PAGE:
Fiatarone Singh MA, Gates N, Saigal N, et al. The study of mental and resistance training (SMART) study resistance training and/or cognitive training in mild cognitive impairment: a randomized, double-blind, double-sham controlled trial. J Am Med Dir Assoc. 2014; 15(12):873–880.
Gagnon LG, Belleville S. Training of attentional control in mild cognitive impairment with executive deficits: results from a double-blind randomised controlled study. Neuropsychol Rehabil. 2012; 22(6):809–835.
Oskoei AS, Nejati V, Ajilchi B. The effectiveness of cognitive rehabilitation on improving the selective attention in patients with mild cognitive impairment. J Behav Brain Sci. 2013;3:474–478.
Coyle H, Traynor V, Solowij N. Computerized and virtual reality cognitive training for individuals at high risk of cognitive decline: systematic review of the literature. Am J Geriatr Psychiatry. 2015;23(4):335–359.
Hill NTM, Mowszowski L, Naismith SL, Chadwick VL, Valenzuela M, Lampit A. Computerized cognitive training in older adults with mild cognitive impairment or dementia: a systematic review and meta-analysis. Am J Psychiatry. 2016;174(4):329–340.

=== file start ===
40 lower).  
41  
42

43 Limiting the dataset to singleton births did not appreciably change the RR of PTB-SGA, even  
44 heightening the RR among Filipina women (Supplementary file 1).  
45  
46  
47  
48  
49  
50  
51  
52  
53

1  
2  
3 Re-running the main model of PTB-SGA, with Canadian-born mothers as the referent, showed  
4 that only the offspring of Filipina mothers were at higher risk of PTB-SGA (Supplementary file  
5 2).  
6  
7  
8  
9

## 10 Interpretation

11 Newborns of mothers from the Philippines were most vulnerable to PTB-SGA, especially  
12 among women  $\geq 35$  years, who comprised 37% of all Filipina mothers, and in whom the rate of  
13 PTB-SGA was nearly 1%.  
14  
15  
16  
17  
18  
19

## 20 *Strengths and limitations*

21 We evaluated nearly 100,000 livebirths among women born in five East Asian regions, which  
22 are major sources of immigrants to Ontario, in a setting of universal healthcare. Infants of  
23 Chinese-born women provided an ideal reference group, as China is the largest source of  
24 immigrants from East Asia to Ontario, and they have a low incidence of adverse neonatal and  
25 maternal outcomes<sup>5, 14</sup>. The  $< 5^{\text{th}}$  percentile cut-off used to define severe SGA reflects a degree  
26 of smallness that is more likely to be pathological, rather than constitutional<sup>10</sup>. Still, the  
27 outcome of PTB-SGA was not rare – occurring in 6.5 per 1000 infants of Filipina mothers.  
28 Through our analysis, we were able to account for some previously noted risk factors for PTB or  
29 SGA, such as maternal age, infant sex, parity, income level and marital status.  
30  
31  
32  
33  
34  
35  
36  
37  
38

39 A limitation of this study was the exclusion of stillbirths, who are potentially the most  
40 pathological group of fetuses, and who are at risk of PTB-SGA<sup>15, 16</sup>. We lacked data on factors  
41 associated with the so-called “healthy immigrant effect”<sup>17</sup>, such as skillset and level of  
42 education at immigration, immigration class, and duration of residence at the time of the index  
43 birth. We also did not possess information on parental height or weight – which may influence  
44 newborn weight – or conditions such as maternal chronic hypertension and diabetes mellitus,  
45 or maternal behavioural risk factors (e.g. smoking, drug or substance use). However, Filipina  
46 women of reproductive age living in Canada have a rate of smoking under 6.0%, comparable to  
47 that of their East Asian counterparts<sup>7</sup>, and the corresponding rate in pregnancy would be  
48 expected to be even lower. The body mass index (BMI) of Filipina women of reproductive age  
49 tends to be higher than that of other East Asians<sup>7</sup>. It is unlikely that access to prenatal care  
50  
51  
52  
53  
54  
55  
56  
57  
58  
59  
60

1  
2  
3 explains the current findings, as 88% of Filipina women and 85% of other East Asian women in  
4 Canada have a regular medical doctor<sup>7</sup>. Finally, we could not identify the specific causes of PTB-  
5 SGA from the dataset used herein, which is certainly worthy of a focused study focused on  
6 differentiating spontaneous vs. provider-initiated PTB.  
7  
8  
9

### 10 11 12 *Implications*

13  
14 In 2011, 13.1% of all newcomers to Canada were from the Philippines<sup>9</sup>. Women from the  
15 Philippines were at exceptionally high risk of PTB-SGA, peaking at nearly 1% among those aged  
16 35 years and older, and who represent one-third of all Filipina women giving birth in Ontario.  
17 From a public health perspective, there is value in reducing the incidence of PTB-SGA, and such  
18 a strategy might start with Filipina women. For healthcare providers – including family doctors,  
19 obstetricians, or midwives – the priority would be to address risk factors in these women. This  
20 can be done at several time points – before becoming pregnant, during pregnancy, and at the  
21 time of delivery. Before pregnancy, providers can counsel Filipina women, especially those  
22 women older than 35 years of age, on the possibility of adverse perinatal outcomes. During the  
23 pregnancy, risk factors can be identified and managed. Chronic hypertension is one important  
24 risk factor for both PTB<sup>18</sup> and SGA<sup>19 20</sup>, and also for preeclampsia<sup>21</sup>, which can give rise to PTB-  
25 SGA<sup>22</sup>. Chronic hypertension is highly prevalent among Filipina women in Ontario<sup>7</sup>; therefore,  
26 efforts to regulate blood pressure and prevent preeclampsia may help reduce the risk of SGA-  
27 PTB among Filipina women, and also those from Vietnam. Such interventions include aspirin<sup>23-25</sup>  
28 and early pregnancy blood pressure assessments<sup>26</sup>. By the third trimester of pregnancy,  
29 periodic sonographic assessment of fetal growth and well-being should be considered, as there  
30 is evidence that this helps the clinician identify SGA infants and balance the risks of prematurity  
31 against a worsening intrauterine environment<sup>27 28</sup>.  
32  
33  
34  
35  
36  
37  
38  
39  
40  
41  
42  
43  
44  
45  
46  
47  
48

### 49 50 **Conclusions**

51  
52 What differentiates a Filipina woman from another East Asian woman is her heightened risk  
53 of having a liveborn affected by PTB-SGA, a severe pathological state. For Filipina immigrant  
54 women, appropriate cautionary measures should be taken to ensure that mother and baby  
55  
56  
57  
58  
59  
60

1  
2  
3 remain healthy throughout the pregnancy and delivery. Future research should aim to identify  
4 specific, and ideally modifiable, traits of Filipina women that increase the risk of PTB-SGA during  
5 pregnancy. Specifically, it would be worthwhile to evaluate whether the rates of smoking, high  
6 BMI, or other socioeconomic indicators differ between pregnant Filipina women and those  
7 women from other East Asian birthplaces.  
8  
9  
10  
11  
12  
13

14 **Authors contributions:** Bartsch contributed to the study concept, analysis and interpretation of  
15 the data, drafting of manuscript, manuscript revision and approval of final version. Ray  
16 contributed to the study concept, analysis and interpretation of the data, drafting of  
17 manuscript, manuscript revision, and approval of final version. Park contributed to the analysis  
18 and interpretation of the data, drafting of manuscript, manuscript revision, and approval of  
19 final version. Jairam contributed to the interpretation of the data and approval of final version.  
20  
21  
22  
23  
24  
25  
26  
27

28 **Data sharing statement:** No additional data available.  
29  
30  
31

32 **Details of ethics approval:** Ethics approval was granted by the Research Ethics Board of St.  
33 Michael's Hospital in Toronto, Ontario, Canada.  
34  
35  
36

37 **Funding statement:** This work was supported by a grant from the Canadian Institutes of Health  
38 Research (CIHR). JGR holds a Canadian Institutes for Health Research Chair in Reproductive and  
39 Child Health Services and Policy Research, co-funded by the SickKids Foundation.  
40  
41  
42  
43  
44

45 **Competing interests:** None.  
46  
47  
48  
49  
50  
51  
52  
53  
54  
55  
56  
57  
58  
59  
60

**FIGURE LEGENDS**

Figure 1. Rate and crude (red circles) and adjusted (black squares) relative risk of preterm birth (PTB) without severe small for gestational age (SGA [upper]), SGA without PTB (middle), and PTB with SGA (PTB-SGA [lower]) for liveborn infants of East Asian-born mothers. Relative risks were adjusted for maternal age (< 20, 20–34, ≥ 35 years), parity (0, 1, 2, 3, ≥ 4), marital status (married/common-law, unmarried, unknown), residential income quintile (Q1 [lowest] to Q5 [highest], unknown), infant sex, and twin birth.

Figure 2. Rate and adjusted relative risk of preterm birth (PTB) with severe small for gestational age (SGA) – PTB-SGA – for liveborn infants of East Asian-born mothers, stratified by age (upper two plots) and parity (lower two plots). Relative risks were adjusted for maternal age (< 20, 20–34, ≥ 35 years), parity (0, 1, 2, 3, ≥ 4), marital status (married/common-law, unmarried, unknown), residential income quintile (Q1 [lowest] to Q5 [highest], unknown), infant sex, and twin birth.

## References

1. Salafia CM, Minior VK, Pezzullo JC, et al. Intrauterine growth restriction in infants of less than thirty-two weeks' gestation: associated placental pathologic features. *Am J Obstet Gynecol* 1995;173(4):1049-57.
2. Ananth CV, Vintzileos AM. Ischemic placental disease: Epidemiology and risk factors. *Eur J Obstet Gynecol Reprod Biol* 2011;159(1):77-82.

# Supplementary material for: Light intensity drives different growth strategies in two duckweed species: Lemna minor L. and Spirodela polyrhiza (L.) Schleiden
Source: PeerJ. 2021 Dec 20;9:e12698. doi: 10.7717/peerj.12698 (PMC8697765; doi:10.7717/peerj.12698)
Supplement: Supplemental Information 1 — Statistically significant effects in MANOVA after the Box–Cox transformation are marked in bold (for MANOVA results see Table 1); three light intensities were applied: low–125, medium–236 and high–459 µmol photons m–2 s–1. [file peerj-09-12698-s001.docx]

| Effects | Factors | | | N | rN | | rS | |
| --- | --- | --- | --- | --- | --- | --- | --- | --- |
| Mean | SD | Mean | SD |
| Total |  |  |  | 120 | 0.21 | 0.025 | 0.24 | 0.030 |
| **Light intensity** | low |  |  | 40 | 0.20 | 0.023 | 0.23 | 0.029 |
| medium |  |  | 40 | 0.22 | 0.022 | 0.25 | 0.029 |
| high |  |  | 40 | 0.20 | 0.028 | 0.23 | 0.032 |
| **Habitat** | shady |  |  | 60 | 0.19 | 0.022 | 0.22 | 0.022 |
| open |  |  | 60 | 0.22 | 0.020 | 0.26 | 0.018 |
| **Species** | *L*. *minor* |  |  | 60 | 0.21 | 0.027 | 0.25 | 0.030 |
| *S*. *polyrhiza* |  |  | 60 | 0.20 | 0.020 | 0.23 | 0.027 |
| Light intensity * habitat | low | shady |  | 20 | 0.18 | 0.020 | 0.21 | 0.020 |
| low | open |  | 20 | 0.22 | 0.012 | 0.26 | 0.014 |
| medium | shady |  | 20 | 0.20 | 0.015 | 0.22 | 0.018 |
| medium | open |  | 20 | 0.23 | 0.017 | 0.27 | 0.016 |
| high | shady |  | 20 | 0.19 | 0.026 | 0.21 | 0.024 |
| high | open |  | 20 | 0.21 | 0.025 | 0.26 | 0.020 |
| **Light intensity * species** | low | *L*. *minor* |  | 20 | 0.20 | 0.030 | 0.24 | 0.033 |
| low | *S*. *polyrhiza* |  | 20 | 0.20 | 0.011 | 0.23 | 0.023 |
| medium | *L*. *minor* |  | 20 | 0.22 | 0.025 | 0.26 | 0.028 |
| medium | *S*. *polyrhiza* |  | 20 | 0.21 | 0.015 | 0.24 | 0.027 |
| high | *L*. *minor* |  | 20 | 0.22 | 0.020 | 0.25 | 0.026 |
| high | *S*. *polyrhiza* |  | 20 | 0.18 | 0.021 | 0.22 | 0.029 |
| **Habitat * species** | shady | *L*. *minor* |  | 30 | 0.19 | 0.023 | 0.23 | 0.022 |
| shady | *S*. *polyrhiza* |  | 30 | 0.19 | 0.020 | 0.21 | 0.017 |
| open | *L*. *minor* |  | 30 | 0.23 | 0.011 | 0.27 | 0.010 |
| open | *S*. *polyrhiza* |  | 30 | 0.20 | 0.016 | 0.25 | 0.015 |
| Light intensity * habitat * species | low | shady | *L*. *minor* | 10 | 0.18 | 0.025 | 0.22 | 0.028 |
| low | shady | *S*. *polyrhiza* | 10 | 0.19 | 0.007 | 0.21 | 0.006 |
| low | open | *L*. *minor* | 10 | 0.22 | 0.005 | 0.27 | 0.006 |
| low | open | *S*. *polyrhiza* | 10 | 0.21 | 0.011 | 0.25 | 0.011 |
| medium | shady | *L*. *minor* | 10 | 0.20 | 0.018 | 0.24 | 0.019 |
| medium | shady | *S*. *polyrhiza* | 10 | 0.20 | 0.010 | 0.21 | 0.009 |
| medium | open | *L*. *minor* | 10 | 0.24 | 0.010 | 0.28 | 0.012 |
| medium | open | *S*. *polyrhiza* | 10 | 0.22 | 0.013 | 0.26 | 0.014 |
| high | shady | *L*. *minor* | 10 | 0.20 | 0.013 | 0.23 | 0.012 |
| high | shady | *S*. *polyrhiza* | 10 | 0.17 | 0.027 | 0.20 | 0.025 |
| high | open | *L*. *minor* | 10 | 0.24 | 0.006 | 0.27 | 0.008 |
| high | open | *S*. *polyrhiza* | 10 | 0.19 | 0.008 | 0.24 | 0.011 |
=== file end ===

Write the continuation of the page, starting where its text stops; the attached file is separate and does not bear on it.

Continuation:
Jak AJ, Seelye AM, Jurick SM. Crosswords to computers: a critical review of popular approaches to cognitive enhancement. Neuropsychol Rev. 2013;23(1):13–26.
Gates N, Valenzuela M. Cognitive exercise and its role in cognitive function in older adults. Curr Psychiatry Rep. 2010;12(1):20–27.
Vaportzis E, Martin M, Gow AJ. A tablet for healthy ageing: the effect of a tablet computer training intervention on cognitive abilities in older adults. Am J Geriatr Psychiatry. 2017;25(8):841–851.
Chan MY, Haber S, Drew LM, Park DC. Training older adults to use tablet computers: does it enhance cognitive function? Gerontologist. 2016;56(3):475–484.
Thabane L, Hopewell S, Lancaster GA, et al. Methods and processes for development of a CONSORT extension for reporting pilot randomized controlled trials. Pilot Feasibility Stud. 2016;2(1):25.
Winblad B, Palmer K, Kivipelto M, et al. Mild cognitive impairment–beyond controversies, towards a consensus: report of the International Working Group on Mild Cognitive Impairment. J Intern Med. 2004;256(3):240–246.
Petersen RC. Mild cognitive impairment as a diagnostic entity. J Intern Med. 2004;256(3):183–194.
Folstein MF, Folstein SE, McHugh PR. “Mini-mental state”. A practical method for grading the cognitive state of patients for the clinician. J Psychiatr Res. 1975;12(3):189–198.
Reitan RM. Trail Making Test: Manual for Administration and Scoring. Tucson, AZ: Reitan Neuropsychology Laboratory; 1992.
Lezak MD, Howieson DB, Loring DW. Neuropsychological Assessment. New York: Oxford University Press; 2004.
Wechsler D. Wechsler Adult Intelligence Scale – Fourth Edition (WAIS-IV). San Antonio, TX: Pearson; 2008.
Grober E, Buschke H. Genuine memory deficits in dementia. Dev Neuropsychol. 1987;3(1):13–36.
Van der Linden M, Coyette F, Poitrenaud J, et al. L’épreuve de rappel libre/rappel indicé à 16 items (RL/RI-16). Solal; 2004.